Let's review quickly: carbon off-setting is the recently emerged practice of elminating the net greenhouse gas emissions from a given activity or entity, often by purchasing and retiring the corresponding amount of so-called "pollution credits" on the open market or by investing an amount in green/cleaning technologies that produces the desired reduction in CO2 emissions.
For example, the production of the movie Syriana was estimated to have produced 2,000 tons of CO2, so they bought that many energy credits. Simple, huh?
Well now thanks to a UK company called Carbon Clear, you can render the disposable diaper consumption of a child for 2.5 years carbon-neutral for just ¬£10. That's what it takes to cover 650kg of CO2 emissions.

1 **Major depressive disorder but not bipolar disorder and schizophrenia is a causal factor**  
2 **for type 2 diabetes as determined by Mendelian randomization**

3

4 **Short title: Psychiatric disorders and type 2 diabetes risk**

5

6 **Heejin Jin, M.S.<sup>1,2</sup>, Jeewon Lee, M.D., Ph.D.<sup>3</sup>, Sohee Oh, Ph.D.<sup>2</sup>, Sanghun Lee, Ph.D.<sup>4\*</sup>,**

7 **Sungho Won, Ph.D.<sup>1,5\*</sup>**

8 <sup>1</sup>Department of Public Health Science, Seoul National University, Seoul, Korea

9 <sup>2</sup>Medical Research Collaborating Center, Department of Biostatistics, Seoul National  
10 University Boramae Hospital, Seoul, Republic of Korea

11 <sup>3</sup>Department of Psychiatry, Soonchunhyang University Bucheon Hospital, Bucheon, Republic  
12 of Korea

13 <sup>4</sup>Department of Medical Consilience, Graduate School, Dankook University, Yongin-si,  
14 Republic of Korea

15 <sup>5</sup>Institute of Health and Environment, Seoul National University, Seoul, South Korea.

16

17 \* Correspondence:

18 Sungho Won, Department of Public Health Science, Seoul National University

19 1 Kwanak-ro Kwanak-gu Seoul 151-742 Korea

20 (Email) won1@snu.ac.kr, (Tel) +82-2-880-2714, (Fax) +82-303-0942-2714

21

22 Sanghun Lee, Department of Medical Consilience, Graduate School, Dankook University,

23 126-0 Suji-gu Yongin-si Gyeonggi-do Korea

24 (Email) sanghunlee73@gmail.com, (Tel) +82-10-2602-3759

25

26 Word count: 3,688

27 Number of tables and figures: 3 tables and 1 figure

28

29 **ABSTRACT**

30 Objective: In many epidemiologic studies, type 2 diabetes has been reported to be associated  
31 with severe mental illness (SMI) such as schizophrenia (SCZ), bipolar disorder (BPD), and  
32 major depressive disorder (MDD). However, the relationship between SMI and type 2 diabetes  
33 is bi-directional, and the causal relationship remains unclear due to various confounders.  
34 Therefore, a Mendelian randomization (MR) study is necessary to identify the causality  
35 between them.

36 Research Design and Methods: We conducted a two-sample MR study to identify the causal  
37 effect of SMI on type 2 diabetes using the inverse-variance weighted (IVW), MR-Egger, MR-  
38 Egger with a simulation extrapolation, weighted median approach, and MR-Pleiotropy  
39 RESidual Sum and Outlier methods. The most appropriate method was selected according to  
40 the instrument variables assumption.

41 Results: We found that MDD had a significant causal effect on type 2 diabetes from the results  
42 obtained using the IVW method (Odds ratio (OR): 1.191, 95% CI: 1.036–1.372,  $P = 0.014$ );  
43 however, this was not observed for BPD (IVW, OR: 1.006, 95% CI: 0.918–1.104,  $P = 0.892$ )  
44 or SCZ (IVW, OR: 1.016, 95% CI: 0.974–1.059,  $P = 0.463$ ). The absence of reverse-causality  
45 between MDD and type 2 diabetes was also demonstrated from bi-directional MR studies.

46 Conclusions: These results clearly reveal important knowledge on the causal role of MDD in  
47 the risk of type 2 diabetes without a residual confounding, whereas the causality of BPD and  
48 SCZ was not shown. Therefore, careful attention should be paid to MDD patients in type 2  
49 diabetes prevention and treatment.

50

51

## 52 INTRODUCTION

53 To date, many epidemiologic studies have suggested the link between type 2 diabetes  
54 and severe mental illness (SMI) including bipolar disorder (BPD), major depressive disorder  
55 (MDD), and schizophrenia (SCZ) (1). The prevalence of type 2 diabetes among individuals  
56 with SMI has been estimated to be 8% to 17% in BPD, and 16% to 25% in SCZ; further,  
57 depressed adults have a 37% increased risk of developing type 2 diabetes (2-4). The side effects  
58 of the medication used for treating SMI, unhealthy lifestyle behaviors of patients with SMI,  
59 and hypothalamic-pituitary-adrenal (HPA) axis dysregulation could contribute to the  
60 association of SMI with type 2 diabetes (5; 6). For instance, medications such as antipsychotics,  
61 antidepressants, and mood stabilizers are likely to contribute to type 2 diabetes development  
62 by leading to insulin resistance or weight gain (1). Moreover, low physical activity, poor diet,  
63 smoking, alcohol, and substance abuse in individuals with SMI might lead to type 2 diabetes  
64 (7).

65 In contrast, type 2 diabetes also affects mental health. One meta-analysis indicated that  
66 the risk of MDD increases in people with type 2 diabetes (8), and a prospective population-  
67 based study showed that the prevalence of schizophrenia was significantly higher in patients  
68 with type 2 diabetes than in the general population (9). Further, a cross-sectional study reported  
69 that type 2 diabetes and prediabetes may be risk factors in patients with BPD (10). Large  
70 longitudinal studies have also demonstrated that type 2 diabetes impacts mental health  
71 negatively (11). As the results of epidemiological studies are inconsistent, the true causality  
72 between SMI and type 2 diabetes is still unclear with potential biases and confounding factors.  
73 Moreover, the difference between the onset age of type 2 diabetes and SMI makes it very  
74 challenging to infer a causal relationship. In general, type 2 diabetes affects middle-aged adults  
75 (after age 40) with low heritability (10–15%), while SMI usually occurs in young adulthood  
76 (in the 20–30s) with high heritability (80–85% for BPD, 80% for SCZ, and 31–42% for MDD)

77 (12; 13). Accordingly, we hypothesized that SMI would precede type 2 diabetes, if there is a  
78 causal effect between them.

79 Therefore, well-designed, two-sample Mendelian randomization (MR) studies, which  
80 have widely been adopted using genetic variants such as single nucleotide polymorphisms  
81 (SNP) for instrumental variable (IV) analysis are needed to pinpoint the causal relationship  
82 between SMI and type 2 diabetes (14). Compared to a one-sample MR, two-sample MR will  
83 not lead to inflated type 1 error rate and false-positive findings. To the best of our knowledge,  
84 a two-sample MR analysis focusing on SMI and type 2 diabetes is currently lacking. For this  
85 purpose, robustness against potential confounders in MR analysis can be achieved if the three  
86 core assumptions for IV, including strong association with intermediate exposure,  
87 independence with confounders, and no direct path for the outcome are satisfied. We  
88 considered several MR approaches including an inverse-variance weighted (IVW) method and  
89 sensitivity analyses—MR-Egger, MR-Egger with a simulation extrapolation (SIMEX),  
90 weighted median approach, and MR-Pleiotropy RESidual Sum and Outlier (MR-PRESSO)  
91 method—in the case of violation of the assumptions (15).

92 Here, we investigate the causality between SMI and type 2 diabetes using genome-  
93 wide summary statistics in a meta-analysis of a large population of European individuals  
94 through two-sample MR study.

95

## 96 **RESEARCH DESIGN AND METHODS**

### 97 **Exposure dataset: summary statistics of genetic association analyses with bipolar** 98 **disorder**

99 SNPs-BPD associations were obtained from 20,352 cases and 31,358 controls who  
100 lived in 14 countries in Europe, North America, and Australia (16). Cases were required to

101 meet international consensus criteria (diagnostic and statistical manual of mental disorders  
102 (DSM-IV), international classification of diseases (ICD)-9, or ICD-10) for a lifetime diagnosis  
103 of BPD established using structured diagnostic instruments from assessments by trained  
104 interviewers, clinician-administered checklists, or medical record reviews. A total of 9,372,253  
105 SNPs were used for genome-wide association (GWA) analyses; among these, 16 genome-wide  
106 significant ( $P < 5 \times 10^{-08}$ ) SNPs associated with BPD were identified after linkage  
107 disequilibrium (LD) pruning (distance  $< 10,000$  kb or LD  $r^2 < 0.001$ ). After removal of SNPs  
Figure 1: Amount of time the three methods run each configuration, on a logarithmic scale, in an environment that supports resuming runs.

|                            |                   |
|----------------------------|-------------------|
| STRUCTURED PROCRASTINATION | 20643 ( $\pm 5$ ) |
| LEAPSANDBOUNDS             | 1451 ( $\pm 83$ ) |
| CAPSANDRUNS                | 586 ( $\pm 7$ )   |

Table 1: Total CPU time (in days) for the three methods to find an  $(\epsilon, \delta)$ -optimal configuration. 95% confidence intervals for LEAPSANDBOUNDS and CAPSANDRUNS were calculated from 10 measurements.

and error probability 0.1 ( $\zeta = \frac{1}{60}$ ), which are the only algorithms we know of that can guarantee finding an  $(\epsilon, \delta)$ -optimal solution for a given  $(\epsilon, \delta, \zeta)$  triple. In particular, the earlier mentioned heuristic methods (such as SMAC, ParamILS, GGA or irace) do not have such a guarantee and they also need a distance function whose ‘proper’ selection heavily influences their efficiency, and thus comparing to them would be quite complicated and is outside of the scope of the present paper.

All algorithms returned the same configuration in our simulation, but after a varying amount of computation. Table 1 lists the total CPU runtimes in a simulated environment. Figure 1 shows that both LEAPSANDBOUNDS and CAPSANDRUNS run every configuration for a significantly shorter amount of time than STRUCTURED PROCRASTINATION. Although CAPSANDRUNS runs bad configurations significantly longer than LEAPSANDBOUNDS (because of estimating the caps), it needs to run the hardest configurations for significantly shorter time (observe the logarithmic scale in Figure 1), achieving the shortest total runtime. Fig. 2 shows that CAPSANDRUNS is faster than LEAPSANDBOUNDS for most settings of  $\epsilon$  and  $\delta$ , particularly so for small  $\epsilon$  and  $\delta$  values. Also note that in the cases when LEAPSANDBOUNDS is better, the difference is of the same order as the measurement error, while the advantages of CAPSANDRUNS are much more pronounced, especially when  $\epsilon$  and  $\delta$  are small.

Which'd be great if diaper-direct CO2 were the only concern. One 1998 study in Seattle found that the city was spending roughly $400/year/diaper-wearing child for waste disposal. [ref. Mothering mag]. I can't help but wonder how much of that collateral activity--not to mention the CO2 it produces, not to mention the other environmental costs and impacts of disposables and landfills--are included in that ten quid gift pack.
Because seriously, if all it took was $8/yr/kid to render disposable diapers environmental impact-neutral, where the hell has the half-percent diaper tax proposal been for the last twenty years? And even if the Diaper Industrial Complex complained at a tiny profit margin offset, the money they'd save from funding biased environmental studies would more than make up for it. And parents who cared a whit about the earth would gladly pay that much to offset their guilt, while parents who don't care would pay just to shut the hippies up. It's win-win-win-win.